In the wake of so many tragic shootings, it’s hard to deny that violence is all around us—at work, in society, and everywhere we turn. We live in an agitated world where tensions are high, and people act out in unhealthy ways through not only physical attacks but also flaring tempers and other acts of “incivility” from subtle to overt. Fortunately, most of us are unlikely to be the victim of a shooting; but a recent study found that 84% of Americans experience some form of incivility about 10 times a week. These incidents are often work-related involving rude stares, angry comments, open hostility, and everything in between. We see it in airports, offices, hospitals, and every other industry—but the average employee is not equipped to deal with it.
IT’S EFFECT ON PEOPLE AND WORK
This growing incivility impacts our brain chemistry and releases cortisol (the fight or flight chemical) because we feel threatened. Even hearing about hostile behavior in the news can leave us so depressed we have to turn away—and at work, it compromises our ability to think, innovate, and perform. Christine Porath, who studies this topic, found that workers who indirectly witness incivility exhibited a 25% reduction in productivity, made 45% fewer contributions, and were 5 times more likely to make mistakes. The current climate of “agitation” makes us feel anxious, unsafe, and more sensitive. This is not only true for employees but also for customers. People are more unsettled than they used to be, and psychologists claim there’s a decrease in “impulse control” so they are acting out more. This can soon lead to escalation because agitated people tend to agitate people – who tend to agitate back. If organizations don’t teach people how to deal with this problem, it’s going to be an even bigger problem.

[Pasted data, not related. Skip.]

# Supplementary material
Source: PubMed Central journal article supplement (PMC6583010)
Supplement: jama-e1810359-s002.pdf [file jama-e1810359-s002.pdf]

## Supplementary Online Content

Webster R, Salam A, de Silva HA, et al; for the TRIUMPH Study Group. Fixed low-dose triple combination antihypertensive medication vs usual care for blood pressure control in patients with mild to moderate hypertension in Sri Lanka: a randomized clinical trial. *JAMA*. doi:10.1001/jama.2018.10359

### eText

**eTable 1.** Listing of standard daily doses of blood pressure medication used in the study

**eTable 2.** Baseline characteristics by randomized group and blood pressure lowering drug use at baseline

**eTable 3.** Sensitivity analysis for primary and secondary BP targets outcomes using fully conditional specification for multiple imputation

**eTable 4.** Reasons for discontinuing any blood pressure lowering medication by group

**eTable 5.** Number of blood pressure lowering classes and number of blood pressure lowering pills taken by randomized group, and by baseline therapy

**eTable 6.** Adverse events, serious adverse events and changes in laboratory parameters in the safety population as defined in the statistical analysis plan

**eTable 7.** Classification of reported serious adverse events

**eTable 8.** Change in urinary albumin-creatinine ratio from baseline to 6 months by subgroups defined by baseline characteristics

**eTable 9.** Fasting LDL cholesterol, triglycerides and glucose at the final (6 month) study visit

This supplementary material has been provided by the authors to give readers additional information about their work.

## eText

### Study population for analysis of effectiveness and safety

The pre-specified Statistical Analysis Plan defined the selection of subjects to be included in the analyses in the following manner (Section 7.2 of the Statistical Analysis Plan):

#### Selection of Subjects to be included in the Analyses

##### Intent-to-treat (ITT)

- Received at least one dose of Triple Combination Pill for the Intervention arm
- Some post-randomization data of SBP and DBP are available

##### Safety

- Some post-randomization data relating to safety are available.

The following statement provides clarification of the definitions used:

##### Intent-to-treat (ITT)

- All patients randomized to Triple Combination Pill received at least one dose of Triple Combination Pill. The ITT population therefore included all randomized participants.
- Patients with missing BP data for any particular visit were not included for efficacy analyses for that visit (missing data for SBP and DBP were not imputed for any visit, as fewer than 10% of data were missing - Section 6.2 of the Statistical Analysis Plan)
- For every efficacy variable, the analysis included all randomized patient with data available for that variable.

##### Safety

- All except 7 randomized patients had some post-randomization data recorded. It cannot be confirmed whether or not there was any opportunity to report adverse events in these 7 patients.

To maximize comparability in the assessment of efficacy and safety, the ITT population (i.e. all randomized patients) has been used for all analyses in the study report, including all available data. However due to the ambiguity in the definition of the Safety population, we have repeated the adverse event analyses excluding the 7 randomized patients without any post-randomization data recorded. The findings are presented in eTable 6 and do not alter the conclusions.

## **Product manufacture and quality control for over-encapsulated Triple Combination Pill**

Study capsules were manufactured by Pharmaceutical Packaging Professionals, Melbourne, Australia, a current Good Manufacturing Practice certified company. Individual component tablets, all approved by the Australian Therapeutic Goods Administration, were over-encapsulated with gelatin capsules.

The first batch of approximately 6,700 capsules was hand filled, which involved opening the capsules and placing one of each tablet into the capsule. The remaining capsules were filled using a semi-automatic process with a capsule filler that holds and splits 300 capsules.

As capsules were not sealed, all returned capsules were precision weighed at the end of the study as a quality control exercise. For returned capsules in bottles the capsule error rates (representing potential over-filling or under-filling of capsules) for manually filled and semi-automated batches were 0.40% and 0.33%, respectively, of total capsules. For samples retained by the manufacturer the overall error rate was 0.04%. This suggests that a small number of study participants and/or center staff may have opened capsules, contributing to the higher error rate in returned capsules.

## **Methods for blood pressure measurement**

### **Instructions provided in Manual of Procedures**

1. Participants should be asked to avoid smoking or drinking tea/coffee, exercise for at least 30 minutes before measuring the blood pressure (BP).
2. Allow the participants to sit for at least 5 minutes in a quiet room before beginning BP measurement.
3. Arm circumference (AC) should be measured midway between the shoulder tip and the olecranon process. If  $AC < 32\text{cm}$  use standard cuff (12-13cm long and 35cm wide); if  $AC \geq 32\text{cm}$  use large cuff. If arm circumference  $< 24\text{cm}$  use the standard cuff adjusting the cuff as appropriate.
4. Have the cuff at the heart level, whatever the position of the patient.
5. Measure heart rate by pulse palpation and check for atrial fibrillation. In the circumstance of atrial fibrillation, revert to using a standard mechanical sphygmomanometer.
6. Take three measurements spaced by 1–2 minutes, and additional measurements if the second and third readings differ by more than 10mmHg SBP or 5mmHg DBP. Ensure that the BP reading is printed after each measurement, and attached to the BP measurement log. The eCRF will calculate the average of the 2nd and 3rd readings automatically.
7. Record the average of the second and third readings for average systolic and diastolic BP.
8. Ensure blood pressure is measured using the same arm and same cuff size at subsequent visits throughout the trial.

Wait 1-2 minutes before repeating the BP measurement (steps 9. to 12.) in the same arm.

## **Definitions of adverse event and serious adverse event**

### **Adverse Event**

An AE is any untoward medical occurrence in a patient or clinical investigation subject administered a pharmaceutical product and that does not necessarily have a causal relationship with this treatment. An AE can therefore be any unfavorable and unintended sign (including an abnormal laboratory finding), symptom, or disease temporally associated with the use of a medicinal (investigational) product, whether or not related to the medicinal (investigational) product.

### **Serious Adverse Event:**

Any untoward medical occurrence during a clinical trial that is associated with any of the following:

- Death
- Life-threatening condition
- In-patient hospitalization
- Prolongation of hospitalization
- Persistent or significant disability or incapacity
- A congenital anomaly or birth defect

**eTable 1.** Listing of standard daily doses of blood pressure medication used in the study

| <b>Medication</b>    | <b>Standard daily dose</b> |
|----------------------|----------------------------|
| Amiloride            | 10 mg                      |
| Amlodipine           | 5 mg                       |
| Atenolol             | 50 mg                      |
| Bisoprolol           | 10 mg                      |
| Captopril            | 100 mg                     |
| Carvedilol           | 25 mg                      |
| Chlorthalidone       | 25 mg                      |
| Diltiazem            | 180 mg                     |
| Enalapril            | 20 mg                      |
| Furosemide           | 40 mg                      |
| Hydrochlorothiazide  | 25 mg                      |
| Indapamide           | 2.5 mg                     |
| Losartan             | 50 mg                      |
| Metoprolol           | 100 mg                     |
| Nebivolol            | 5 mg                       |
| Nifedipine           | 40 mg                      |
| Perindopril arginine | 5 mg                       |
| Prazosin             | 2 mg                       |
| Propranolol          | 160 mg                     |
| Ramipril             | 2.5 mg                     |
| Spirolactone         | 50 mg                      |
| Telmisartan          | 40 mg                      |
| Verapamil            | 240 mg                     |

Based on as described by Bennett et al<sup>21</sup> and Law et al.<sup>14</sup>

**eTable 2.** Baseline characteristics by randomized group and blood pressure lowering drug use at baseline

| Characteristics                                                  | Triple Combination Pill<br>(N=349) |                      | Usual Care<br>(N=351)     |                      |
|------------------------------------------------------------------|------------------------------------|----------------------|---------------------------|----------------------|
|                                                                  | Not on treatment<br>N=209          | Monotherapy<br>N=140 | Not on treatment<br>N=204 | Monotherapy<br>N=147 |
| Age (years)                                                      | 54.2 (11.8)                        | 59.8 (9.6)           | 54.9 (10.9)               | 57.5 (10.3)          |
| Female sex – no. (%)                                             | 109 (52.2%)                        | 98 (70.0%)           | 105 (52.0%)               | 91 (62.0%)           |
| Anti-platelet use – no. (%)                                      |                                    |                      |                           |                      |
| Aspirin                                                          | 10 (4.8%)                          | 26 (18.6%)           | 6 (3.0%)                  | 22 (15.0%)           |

HERE’S WHAT WE CAN DO
We have to teach people how to be more civil and how to deal with those who are not. Being more civil has to do with reducing our own cortisol by not overreacting to the strains of work that allow our emotional (or primitive) brain to take control. This requires calming ourselves when situations get to us, and trying to use our thinking (or mature) brain to respond. The more we overreact, the stronger the emotional brain becomes, and that is where people’s thinking becomes distorted and extreme. When we calm those feelings and try to think rationally, we strengthen the mature brain, allowing us to respond wisely. This is also how we deal with those who are uncivil, because calm people tend to calm people – who tend to calm down. This is not a panacea; but addressing situations before they get out of control could go a long way in reducing incivility, so in our training program on civility and respect we have created a 3-step acronym called N-O-T to deal with it.
- Note it: don’t ignore incivility.
- Overcome reluctance: the excuses to turn away.
- Take action: say or do something before it gets worse (and if it’s egregious, get help).
There’s no doubt the world needs mature people, more than ever, to step up and be a voice for civility.